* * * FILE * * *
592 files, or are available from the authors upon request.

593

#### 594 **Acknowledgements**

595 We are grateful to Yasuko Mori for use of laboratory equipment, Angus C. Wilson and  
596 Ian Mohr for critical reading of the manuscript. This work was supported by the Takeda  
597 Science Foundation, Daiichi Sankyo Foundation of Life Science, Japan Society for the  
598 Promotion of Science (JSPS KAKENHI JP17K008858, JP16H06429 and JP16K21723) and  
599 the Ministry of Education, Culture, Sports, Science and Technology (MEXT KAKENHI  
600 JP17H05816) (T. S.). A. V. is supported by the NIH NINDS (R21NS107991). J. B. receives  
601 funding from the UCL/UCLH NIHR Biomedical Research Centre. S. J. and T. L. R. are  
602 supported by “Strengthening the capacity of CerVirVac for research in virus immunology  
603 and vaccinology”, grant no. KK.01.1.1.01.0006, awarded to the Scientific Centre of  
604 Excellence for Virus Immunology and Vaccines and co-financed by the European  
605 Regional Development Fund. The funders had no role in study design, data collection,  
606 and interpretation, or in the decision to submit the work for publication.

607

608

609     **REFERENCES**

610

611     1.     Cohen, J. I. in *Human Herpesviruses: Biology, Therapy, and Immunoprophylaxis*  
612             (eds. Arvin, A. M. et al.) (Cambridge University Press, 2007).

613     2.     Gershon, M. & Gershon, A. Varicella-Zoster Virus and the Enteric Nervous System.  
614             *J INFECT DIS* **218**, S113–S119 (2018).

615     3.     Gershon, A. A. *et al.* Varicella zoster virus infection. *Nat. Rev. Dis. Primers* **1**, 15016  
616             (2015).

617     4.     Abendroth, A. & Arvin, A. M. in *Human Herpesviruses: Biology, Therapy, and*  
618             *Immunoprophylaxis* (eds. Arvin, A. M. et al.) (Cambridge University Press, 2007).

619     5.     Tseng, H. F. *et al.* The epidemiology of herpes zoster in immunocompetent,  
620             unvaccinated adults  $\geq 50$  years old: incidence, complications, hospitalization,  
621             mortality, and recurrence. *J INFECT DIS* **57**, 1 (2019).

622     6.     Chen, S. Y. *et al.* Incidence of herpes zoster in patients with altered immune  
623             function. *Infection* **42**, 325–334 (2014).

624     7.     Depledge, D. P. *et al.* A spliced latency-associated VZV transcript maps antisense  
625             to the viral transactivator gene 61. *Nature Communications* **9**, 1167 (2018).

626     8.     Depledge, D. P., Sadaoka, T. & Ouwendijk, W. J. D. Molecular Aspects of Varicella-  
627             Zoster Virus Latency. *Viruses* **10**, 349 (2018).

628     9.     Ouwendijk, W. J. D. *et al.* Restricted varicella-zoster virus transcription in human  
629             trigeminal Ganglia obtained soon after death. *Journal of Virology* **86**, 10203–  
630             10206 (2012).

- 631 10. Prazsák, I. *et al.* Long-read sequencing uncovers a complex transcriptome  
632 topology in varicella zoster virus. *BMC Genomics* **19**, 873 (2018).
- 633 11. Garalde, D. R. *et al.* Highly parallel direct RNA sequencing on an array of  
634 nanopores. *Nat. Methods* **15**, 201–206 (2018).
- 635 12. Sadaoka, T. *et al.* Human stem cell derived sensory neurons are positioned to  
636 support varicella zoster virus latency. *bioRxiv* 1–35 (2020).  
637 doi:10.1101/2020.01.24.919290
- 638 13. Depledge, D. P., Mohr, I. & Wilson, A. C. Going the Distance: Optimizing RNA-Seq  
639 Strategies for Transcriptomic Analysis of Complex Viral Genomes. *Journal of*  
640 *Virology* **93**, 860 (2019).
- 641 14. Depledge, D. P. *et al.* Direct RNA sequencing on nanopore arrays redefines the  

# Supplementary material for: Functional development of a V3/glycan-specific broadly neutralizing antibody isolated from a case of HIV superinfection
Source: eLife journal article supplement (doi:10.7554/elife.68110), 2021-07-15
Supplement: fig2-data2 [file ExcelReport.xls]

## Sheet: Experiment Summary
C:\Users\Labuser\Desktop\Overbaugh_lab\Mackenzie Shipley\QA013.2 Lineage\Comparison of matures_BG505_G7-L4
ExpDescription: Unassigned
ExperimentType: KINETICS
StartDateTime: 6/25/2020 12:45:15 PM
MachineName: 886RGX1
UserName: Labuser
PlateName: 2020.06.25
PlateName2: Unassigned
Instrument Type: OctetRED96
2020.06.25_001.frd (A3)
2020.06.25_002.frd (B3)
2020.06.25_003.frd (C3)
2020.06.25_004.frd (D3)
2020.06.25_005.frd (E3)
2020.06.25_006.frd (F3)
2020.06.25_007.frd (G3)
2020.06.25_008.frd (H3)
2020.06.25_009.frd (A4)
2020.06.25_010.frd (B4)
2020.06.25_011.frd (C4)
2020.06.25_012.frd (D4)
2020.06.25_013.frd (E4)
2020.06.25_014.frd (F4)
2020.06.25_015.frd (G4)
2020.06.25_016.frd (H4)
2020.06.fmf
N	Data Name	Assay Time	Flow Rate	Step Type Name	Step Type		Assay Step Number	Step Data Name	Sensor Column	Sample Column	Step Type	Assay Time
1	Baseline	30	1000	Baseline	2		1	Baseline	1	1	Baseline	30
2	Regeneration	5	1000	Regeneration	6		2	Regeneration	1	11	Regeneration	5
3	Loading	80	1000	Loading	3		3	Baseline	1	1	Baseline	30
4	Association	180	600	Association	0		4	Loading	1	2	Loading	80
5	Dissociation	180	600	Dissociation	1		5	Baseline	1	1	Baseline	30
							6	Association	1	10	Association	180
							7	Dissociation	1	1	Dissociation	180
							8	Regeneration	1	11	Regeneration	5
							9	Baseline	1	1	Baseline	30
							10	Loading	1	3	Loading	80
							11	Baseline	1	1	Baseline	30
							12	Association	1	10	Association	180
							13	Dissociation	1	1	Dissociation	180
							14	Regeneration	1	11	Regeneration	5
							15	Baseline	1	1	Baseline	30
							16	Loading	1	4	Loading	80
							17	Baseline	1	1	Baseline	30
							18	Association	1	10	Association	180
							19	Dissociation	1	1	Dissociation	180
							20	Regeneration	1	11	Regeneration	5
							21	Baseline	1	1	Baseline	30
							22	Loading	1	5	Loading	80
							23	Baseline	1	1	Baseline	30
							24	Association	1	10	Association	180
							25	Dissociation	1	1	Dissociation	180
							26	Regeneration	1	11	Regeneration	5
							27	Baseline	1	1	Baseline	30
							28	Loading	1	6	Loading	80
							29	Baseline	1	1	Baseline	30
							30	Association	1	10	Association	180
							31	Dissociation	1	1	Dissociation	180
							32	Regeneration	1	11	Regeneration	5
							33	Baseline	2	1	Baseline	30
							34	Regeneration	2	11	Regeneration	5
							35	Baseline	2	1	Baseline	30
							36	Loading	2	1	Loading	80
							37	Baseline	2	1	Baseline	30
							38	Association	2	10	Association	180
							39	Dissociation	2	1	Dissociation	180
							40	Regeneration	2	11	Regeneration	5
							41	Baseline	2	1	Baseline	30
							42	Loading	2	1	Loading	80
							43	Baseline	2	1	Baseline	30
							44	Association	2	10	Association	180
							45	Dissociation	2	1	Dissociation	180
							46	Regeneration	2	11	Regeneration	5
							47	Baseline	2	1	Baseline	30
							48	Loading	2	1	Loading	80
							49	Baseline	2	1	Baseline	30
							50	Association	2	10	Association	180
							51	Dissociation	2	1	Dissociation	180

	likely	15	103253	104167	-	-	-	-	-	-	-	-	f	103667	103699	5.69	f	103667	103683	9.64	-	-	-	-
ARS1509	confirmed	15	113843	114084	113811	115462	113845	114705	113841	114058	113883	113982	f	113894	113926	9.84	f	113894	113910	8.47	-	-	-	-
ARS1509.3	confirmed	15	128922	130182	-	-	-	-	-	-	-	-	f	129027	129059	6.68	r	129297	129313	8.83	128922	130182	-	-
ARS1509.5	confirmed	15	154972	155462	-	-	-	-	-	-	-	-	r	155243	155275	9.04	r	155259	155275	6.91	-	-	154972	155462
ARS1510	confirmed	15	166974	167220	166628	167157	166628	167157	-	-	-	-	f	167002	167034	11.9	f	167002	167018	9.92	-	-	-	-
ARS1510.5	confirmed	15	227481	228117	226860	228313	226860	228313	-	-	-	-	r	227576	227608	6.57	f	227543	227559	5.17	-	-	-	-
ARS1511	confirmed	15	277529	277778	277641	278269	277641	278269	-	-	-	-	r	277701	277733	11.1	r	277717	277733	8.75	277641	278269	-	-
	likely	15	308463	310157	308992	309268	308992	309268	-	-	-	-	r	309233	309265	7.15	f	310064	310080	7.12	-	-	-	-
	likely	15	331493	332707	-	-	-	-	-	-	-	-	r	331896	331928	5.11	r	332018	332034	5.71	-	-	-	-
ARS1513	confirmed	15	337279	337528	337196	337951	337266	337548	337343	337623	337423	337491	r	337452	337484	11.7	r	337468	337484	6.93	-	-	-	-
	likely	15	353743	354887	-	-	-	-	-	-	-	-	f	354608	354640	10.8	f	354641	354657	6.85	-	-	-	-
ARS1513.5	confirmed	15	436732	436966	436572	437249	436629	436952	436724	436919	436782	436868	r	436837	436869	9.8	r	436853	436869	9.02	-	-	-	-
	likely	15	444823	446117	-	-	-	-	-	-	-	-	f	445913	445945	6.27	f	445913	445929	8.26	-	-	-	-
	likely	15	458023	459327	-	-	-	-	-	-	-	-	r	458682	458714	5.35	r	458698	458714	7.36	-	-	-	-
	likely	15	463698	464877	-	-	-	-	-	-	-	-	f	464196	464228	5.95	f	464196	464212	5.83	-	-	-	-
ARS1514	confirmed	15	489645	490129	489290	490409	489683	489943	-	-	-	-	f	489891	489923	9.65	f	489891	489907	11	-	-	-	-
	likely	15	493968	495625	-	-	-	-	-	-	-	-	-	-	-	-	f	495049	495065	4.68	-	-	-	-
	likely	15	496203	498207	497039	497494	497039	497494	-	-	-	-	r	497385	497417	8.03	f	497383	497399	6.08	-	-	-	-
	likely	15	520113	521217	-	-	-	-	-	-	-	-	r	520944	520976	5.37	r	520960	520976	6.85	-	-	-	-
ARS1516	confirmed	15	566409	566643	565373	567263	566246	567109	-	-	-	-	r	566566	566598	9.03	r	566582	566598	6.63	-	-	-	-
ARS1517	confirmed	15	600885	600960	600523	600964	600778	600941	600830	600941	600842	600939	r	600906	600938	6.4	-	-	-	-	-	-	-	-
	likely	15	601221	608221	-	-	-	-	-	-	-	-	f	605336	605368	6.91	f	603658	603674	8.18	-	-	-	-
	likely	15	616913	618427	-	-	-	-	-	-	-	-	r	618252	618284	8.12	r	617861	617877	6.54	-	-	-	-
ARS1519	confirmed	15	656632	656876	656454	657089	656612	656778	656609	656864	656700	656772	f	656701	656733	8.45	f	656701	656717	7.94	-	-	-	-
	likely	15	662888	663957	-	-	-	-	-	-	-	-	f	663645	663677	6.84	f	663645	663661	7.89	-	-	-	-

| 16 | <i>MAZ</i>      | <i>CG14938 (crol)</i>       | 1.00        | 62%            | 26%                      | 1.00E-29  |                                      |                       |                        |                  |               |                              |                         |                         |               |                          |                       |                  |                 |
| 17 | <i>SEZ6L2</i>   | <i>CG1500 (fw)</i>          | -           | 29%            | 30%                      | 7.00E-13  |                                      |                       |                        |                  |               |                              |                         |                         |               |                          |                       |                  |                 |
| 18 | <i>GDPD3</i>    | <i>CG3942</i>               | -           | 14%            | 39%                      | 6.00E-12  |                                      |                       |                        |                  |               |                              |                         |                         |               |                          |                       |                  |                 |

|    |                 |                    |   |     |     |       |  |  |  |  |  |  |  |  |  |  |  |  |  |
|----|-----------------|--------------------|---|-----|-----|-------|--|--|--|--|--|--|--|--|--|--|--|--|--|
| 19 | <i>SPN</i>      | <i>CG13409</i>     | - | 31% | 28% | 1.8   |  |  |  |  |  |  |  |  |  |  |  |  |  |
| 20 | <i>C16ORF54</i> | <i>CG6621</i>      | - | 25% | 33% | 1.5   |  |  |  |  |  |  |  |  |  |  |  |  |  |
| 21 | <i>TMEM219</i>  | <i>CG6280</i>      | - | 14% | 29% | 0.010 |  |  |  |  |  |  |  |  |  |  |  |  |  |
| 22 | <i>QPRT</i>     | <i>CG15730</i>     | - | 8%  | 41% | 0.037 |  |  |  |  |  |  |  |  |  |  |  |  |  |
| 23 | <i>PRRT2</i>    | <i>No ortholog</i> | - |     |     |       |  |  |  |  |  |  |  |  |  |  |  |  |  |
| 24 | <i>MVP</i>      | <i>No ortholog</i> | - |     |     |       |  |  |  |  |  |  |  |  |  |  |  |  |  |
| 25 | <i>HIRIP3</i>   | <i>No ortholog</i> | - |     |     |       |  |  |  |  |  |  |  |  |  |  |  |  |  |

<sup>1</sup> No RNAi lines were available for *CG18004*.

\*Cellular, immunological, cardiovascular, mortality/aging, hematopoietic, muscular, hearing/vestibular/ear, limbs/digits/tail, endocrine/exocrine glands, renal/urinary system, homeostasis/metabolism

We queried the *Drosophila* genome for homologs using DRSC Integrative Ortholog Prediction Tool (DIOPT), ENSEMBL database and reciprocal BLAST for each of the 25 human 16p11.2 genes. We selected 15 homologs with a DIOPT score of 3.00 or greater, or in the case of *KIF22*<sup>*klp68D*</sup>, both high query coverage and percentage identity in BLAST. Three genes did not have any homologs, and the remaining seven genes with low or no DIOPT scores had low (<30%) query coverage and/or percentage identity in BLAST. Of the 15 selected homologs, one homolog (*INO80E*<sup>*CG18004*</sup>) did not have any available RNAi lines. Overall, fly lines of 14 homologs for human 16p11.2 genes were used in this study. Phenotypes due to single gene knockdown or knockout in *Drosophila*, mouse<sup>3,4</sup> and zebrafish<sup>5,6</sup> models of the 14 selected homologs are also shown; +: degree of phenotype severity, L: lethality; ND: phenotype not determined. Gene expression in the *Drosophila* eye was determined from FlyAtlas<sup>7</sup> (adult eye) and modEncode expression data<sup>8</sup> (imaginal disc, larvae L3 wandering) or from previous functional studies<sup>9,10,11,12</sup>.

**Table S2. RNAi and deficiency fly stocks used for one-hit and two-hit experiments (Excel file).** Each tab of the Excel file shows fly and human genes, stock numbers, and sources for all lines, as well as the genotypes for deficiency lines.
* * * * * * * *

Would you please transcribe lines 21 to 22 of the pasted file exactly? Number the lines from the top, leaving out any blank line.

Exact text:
612             (eds. Arvin, A. M. et al.) (Cambridge University Press, 2007).

613     2.     Gershon, M. & Gershon, A. Varicella-Zoster Virus and the Enteric Nervous System.  